Thomas Berry is a 39-year-old writer who paces back and forth in his room to think about the ideas he’ll put down on paper. The space is small and might not look like much, but it’s the first time he’s had four walls to call his own in a while. For more than two years, Berry lived in his car. But life is looking up now that he lives in the LifeMoves supportive interim housing community in Mountain View.
LifeMoves received money from California’s Project HomeKey, an $800 million state program to construct and/or transform hotels into emergency housing during the pandemic. Blue Shield of California contributed $20 million to this massive effort, which in just a few short months has helped create over 1,100 housing units in 24 different locations.
The LifeMoves community was built from the ground up as a pioneering public and private partnership with the city of Mountain View. It has 100 rooms: 88 singles and 12 family units and is designed for residents to stay 90 – 120 days as they work with onsite wraparound services to return to stability.
“Residents not only can get something to eat, shower, and take care of their physical and mental health but are also assigned a caseworker who is a champion that believes in them to get them on the road to recovery,” says LifeMoves vice president Joanne Price. “The community is life-changing for people.”
Berry agrees: “The case workers really want to know what your goals are rather than their goals.” Berry wants to obtain a part-time job related to writing, publish his book online in chapters, and form meaningful relationships.
“I want to form a civic life for myself and put down roots,” he said.
‘The pandemic has been a really dark time for me’
Those goals were challenging while living in his car but became impossible once the pandemic hit. Before COVID-19, Berry kept up a fairly normal routine in spite of the fact that he was homeless. Every day, he’d work out and shower at the gym, write at the library, and sometimes work at his job selling slushies at the Oakland Coliseum. But in 2020 when the economy shut down, he lost his job and had nowhere to go during the day.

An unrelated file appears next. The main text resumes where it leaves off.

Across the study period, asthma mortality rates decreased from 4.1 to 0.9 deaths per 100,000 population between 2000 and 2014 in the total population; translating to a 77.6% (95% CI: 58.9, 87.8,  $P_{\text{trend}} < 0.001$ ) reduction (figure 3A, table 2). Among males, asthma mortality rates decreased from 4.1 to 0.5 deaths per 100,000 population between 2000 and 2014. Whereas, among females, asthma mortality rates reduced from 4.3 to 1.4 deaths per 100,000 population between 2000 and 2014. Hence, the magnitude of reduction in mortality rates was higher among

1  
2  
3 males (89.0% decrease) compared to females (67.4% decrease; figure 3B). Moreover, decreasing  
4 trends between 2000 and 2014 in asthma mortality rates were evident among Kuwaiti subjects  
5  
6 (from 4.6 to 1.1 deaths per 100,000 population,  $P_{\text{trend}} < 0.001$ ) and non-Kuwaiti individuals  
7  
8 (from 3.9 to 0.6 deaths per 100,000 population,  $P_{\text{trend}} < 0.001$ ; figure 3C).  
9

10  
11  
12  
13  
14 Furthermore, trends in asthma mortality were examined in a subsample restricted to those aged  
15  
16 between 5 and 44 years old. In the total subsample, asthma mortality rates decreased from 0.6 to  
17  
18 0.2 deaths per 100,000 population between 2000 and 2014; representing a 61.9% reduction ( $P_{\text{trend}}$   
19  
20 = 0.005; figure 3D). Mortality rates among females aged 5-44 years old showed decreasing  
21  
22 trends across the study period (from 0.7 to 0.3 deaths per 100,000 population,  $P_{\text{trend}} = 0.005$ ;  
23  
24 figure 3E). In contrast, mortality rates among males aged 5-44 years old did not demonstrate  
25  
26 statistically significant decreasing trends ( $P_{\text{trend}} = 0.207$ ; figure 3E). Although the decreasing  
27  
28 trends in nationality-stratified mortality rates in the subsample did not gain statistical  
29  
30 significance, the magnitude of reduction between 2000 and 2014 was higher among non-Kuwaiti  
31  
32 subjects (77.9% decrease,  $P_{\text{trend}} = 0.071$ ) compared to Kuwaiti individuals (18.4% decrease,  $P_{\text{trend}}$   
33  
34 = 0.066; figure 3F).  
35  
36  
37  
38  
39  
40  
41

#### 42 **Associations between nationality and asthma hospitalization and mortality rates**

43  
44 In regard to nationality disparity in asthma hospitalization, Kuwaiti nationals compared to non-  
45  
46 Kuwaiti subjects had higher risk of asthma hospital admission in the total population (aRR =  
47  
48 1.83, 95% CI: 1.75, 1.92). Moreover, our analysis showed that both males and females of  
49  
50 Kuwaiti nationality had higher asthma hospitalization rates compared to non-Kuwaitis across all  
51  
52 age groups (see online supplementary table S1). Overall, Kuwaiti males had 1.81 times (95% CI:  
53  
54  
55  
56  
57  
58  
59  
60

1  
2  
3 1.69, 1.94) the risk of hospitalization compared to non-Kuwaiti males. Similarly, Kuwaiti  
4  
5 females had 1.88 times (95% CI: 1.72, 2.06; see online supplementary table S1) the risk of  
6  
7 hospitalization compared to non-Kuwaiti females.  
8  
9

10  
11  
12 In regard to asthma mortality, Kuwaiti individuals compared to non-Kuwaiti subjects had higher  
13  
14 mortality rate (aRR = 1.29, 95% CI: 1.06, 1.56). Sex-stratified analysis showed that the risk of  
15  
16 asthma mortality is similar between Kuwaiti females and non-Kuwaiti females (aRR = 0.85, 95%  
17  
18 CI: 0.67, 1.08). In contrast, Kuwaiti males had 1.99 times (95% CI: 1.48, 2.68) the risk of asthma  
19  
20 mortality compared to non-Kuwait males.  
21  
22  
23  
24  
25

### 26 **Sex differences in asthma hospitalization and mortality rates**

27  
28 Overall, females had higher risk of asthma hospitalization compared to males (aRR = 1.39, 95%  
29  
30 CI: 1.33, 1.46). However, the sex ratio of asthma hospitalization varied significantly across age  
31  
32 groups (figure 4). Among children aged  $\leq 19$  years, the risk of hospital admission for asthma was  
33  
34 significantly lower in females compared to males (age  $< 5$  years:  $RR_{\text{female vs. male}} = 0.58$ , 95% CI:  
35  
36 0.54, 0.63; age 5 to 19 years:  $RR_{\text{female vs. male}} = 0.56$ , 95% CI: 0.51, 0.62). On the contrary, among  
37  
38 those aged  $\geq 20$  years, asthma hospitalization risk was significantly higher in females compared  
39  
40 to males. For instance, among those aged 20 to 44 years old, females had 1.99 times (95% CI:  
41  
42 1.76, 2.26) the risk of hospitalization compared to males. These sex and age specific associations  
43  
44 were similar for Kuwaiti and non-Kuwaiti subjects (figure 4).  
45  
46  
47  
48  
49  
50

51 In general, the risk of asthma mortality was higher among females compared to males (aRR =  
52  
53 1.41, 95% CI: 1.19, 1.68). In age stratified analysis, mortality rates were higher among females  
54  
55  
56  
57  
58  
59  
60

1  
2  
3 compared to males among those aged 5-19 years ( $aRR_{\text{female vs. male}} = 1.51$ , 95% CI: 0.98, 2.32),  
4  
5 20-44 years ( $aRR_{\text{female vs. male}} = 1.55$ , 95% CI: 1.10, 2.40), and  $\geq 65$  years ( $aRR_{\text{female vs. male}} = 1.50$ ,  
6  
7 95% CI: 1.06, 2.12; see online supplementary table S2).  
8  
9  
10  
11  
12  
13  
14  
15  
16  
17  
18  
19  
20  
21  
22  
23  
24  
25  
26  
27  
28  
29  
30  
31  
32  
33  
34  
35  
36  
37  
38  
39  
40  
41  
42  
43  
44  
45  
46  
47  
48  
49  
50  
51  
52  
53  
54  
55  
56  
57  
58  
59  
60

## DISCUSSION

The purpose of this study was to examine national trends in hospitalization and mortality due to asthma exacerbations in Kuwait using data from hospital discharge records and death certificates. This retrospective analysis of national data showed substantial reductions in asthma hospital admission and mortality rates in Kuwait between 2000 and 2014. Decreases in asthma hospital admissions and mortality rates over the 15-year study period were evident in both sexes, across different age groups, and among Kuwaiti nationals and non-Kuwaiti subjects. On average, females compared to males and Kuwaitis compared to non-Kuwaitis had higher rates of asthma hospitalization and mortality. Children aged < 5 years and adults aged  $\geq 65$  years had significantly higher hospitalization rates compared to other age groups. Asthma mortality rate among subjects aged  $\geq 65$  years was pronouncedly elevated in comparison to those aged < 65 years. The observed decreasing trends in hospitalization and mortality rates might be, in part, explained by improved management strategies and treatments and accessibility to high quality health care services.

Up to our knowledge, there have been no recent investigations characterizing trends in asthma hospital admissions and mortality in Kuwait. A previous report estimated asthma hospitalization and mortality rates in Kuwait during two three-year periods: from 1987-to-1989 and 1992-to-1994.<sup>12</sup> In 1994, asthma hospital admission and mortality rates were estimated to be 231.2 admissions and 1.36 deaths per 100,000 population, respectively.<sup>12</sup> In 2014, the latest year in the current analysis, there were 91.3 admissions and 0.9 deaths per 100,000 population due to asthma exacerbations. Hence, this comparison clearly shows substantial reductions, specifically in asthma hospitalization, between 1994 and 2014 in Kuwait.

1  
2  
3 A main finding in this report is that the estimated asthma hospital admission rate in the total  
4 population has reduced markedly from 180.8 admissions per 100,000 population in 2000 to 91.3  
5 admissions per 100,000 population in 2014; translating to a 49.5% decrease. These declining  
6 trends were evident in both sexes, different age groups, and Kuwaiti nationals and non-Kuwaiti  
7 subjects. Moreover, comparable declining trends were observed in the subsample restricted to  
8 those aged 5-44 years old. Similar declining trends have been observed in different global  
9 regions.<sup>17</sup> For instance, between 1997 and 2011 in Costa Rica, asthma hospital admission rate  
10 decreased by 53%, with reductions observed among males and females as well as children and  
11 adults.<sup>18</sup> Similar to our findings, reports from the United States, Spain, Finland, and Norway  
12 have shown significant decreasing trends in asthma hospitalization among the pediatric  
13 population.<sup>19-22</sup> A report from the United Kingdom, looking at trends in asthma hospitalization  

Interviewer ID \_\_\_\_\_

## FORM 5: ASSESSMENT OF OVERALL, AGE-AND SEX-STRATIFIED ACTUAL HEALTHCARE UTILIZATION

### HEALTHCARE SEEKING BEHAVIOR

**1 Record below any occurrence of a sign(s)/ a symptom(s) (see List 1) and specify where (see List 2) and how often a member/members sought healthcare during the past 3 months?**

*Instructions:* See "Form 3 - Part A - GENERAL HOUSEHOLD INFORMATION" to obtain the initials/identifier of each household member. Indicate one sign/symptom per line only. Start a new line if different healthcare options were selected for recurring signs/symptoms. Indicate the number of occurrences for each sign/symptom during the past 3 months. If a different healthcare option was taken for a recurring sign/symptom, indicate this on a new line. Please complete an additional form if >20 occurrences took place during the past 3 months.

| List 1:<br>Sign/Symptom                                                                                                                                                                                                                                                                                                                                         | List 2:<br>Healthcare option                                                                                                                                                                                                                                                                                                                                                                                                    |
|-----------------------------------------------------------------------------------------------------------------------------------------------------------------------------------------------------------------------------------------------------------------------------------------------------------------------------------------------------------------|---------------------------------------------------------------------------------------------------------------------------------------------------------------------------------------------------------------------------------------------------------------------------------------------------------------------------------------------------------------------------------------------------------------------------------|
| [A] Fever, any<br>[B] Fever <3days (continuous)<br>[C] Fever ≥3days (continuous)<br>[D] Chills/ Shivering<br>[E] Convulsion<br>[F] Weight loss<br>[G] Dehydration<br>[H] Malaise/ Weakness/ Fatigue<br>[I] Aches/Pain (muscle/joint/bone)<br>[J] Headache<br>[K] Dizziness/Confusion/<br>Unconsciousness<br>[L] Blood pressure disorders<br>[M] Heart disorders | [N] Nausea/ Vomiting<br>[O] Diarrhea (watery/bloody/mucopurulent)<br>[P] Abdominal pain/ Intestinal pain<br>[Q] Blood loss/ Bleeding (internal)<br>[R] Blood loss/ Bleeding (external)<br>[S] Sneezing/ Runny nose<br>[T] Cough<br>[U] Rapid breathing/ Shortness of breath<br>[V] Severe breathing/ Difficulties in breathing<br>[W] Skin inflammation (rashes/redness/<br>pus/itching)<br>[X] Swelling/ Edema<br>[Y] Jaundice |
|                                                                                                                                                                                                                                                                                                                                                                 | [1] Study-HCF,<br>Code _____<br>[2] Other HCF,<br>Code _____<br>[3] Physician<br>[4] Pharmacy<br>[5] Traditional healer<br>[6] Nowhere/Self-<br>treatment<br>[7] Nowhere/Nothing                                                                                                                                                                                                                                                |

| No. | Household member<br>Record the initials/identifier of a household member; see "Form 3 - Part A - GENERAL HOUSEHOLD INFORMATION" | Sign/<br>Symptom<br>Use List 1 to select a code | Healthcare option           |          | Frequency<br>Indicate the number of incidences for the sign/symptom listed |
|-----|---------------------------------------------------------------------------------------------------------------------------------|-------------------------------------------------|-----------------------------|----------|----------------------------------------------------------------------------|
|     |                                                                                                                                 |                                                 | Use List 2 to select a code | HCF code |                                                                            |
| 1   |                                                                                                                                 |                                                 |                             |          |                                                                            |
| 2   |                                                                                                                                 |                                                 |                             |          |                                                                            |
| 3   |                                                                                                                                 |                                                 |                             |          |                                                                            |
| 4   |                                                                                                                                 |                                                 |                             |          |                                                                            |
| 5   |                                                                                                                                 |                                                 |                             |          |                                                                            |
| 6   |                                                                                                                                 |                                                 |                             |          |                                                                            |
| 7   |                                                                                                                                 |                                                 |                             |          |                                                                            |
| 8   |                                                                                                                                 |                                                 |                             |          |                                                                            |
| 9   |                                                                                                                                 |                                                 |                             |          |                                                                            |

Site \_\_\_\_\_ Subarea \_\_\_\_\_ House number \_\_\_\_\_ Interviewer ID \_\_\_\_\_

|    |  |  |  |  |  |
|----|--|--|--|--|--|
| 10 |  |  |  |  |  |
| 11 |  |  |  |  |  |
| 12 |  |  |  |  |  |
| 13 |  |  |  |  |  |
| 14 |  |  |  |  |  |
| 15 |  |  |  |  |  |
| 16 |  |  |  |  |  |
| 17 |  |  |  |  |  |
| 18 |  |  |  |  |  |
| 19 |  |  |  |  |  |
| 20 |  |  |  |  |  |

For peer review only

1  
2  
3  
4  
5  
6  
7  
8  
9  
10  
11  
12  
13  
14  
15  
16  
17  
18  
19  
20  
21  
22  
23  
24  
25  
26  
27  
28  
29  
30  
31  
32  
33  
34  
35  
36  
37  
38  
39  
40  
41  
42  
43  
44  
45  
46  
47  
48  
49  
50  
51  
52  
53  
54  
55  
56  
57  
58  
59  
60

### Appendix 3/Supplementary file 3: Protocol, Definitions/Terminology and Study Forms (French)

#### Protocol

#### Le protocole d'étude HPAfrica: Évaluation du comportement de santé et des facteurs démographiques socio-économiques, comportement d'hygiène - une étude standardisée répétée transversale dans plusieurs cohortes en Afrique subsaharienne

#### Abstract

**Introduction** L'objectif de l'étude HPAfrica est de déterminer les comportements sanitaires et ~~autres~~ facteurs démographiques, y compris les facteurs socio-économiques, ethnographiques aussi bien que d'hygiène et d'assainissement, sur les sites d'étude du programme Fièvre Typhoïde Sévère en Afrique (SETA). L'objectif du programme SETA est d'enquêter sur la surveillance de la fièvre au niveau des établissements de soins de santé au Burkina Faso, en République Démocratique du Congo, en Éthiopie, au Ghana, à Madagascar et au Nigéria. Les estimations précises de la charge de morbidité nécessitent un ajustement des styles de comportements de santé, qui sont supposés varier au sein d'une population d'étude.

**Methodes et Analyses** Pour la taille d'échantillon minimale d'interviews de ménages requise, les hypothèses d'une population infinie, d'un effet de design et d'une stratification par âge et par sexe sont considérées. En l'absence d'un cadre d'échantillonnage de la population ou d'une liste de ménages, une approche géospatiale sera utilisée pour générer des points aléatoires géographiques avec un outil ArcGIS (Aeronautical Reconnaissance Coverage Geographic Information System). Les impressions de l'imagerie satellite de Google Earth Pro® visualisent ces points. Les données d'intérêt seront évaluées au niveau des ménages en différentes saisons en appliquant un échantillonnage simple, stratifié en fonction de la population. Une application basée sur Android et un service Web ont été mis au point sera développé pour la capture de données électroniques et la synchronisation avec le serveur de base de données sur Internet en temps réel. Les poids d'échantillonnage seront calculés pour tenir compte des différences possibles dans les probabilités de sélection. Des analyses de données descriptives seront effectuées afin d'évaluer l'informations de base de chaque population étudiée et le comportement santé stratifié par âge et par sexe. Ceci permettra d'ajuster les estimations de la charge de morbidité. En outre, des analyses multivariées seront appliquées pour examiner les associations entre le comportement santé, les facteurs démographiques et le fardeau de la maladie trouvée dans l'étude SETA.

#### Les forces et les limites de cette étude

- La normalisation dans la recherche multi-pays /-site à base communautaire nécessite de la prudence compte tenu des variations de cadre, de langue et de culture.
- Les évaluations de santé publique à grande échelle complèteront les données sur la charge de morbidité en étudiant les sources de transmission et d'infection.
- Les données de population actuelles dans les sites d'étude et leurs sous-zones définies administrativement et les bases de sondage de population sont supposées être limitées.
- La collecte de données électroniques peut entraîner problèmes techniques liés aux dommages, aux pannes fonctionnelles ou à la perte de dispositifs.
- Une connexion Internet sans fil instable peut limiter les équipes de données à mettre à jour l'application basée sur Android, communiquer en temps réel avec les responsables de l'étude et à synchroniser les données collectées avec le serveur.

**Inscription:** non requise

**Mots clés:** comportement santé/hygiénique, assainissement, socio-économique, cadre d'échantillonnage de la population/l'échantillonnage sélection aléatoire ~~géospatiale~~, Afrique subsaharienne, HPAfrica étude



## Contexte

“The pandemic has been a really dark time for me,” said Berry. “I learned to sleep in my car, but there was nothing to do for the other 16 hours of the day. Sometimes I would just lie there. I got really depressed.”
The growing homeless population
Situations like Berry’s are more common than most people realize with the shortage of housing and its prohibitive cost. Gardeners, restaurant workers, janitors, and stadium workers are making up a larger portion of the people who end up on the streets, according to Price.
Also, there’s a direct correlation between homelessness and health outcomes. If you’re out on the street, you’re less likely to have access to health care, nutritious food, a safe place to rest, all of which impact a person’s health and well-being. And it’s challenging to manage chronic conditions like diabetes, high blood pressure or substance abuse when you don’t have a stable home.
Berry's car where he lived for 2 years.
LifeMoves in Mountain View.
A typical bedroom at LifeMoves in Mountain View.
Outdoor community space, LifeMoves.
Community bulletin board, LifeMoves.
The laundry room at LifeMoves.
According to the National Alliance to End Homelessness, 151,278 Californians were without a home on a given night in 2020. Census data shows that 6% of Californians are Black, yet CalMatters found that a whopping 40% of California’s homeless population is Black.
These statistics call into question how systemic racism impacts homelessness and by extension health inequities, said Antoinette Mayer, Blue Shield’s senior director of corporate citizenship.
“Homelessness is a big determinant of health outcomes, and people of color make up a disproportionately large part of the homeless population,” Mayer said. “It’s a matter of racial and health equity, and Blue Shield is proud to be improving the lives of so many people. With a home, they can begin to live life to its fullest potential.
“Blue Shield’s investment in Project HomeKey connects back to part of our mission to create more equitable health care for all Californians – and that includes our unhoused community members,” she said.
Help Blue Shield of California continue to make a difference by supporting LifeMoves residents with the purchase of household items and gift cards from their Amazon Wish List. You can feed a LifeMoves family for $25 or you can sponsor a single meal for the entire LifeMoves site for $500. Meals can be purchased through ClassyMeals.